Blaen-y-Cwm Viaduct

(Photos 1-6 © Rick Garside, photo 7 © Robin Drayton)

The Merthyr Tredegar & Abergavenny Railway was conceived as a servant of the Tredegar Iron Company, taking raw materials into the works and finished produce out of it. Driven by Crawshay Bailey, a major local industrialist, the company was incorporated by an Act of August 1859 and raised initial working capital of £150,000.

Under Chief Engineer John Gardner, the first section of route created a link from Brynmawr to Abergavenny, climbing over 1,000 feet at gradients as steep as 1:34. Bailey's wife cut the first sod in June 1860. Whilst the engineering was remarkable, the company's balance sheet looked dire, causing the London & North Western Railway to intervene in November 1861, taking the project over. With finances stabilised, this ten miles of single track opened on 29th September 1862.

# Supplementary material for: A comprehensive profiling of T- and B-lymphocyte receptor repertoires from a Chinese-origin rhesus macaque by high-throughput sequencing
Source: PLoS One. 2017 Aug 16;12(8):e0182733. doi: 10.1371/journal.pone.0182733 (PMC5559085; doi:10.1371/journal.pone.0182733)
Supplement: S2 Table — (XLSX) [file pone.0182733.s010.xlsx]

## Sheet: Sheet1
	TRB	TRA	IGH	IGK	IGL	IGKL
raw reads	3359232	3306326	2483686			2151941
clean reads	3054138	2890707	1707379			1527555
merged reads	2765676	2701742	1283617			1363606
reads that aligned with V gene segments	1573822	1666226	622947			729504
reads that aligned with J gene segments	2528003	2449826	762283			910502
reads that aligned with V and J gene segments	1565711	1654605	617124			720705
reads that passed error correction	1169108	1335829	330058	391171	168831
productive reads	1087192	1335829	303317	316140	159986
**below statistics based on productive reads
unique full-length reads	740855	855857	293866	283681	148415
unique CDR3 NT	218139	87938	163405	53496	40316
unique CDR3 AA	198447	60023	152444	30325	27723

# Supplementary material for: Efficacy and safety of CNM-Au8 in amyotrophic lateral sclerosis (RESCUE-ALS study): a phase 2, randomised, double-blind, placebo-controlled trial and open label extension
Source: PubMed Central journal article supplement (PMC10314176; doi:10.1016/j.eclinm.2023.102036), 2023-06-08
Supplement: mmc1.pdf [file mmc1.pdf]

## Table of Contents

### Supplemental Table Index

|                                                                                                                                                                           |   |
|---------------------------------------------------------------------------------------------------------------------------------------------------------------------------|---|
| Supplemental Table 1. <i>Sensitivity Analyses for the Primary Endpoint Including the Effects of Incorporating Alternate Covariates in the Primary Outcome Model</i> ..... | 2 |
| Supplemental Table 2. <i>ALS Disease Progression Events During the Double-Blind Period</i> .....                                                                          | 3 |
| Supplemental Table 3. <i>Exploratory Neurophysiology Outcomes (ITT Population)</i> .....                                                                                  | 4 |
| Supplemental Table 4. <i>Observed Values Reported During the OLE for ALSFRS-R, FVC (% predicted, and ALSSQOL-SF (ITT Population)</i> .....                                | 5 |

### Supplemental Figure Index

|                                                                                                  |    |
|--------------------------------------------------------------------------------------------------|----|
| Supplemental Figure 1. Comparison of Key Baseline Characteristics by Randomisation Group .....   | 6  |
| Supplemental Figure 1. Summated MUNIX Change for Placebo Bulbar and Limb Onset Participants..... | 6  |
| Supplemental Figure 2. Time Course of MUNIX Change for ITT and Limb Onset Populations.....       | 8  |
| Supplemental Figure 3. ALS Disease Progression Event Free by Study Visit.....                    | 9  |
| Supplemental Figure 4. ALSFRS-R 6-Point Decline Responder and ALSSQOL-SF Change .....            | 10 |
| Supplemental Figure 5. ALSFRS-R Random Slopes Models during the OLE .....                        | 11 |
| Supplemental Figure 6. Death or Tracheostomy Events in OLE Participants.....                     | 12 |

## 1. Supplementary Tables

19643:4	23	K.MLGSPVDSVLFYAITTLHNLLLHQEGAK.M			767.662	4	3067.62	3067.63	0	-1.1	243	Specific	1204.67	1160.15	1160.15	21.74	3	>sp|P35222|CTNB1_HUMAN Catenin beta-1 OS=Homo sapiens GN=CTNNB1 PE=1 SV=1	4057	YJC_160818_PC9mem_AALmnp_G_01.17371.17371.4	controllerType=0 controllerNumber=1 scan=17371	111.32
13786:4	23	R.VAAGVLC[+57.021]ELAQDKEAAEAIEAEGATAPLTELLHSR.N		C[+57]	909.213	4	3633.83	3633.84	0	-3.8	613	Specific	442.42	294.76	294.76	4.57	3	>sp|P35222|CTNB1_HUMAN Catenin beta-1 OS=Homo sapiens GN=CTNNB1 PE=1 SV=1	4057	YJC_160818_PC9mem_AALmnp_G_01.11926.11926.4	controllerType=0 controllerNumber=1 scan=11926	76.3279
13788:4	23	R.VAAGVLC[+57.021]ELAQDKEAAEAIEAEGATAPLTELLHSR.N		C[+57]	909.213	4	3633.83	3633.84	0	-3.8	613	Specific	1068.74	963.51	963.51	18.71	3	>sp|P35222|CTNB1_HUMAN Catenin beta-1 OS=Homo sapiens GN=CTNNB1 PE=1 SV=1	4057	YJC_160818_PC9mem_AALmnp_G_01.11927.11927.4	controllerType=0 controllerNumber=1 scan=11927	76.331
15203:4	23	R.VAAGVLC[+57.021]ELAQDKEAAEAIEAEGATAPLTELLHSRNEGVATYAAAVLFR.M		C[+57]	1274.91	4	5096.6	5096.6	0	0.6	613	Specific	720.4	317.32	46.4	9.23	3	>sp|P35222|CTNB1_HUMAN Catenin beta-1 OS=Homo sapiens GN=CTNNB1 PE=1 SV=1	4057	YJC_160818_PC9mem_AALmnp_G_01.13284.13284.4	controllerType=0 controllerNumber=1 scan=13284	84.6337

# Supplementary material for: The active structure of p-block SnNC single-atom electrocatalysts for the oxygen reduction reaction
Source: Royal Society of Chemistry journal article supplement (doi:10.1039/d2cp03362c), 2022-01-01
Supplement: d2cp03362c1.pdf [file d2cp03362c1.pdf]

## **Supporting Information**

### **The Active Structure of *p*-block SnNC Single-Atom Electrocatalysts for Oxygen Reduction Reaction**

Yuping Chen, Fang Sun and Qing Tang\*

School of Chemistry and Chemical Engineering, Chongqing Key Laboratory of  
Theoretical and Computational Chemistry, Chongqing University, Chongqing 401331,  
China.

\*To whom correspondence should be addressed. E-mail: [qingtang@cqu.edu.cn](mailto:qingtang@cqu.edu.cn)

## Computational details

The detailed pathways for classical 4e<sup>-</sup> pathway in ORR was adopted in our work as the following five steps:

The four miles from Brynmawr westwards to Nantybwch, north of Tredegar, was bridged early in 1864. At its western end, the line crossed a double-track viaduct of 110 yards in length, curving to the south on a radius of about 15 chains. Crossing the Sirhowy River, it comprises nine 30-foot spans, the arches being built of four brick rings whilst the rest of the structure is limestone.

The railway's missing link from Nantybwch into Merthyr was opened in stages, with the through route completed in 1873. Four years later, the original single-track section was doubled to maximise traffic flows, involving second bores for the Clydach and Gelli Felen tunnels.

With maintenance costs expected to rise, British Rail closed the line in 1958, bringing an annual saving of £60,000. The very last train - a commemorative special - ran on Sunday 5th January, crewed by driver Lewis, fireman Hinton and guard Hubert James, all from Abergavenny.

The viaduct was given a Grade II listing in May 1952. Ironwork below Span 4, together with the piers' extended footings, suggest that a footbridge formerly crossed the river here. Now though the viaduct itself is used by the public as it was reopened in 2008 to form part of the National Cycle Network's Route 46. The parapet walls, which were missing or damaged, have been replaced with fencing as part of the structure's refurbishment.

(Robin Drayton's photo, taken from Geograph, is used under this Creative Commons licence.)

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